The big news in the digital magazine world this week is of course the release of Conde Nast’s The New Yorker app. It was designed by the same team behind the Wired magazine app — creative director Scott Dadich is in fact now in charge of bringing all of the publisher’s stable of titles to iPad.

The first thing I’ll suggest is that you take a look at Jeremy’s great write-up over at MagCulture — he also posts the terrific video intro produced for the launch, directed by Roman Coppola and starring Jason Schwartzman.

In terms of my experience with the magazine so far (I’m not yet done going through it), it started out badly with a crash as I tried to play a video from the front cover that is supposed to show that cover being drawn. No matter how many times I exited and re-entered the app, it would just show the video screen, and I couldn’t get back to anything else. After deleting the app and re-installing it, and then re-downloading the issue, I was able to start reading the magazine, but that video still refuses to play for me.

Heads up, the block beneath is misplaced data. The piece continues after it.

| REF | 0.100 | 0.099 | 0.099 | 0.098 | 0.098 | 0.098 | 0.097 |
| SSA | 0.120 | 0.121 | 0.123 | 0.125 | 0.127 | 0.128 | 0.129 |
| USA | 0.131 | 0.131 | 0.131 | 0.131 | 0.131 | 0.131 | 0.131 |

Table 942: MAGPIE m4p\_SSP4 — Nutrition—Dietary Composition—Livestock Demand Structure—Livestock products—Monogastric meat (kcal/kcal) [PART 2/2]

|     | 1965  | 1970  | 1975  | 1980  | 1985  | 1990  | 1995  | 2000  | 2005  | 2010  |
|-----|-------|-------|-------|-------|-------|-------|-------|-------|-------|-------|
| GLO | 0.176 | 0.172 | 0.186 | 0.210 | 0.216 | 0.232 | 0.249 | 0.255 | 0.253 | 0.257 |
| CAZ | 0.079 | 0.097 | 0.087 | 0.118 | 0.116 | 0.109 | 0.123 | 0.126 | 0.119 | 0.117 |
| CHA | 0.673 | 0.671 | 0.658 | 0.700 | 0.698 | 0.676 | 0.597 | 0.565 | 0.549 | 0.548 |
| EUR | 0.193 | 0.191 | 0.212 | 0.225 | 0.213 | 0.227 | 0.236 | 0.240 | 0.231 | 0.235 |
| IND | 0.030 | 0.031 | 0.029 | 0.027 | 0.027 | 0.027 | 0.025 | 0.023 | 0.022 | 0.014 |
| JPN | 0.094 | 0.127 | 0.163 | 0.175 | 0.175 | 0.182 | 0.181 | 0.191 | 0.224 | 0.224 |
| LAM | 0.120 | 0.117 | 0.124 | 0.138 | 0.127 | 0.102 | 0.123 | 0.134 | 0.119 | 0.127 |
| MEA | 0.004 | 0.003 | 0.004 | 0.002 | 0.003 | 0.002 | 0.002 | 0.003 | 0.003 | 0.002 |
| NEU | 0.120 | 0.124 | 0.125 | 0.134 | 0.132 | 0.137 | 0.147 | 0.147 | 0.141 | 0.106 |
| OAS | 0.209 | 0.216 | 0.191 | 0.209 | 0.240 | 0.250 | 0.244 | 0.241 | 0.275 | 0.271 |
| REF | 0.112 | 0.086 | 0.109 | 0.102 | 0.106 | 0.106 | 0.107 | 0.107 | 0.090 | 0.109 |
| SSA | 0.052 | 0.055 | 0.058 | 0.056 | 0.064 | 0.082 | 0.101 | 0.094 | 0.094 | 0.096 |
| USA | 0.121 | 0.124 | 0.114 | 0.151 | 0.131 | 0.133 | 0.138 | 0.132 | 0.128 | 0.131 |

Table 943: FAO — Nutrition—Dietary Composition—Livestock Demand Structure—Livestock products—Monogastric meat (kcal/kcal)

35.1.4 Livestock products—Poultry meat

As Jeremy mentions in his review, what you get here is very similar to the interface used in the Wired app (menu functions are all the same), and the biggest change lies in the page design, which is much more simple — in keeping with the source material — with text that is less formatted as well (columns of text run down until they’re done, not necessarily at the bottom of the page).

It also uses free scrolling more than in Wired, where you only see it in the table of contents and credits page at the end. As I’ve said before, I’d really prefer if they just kept to the page scrolling, which I rather like — maybe in part because it feels more magazine-y to me.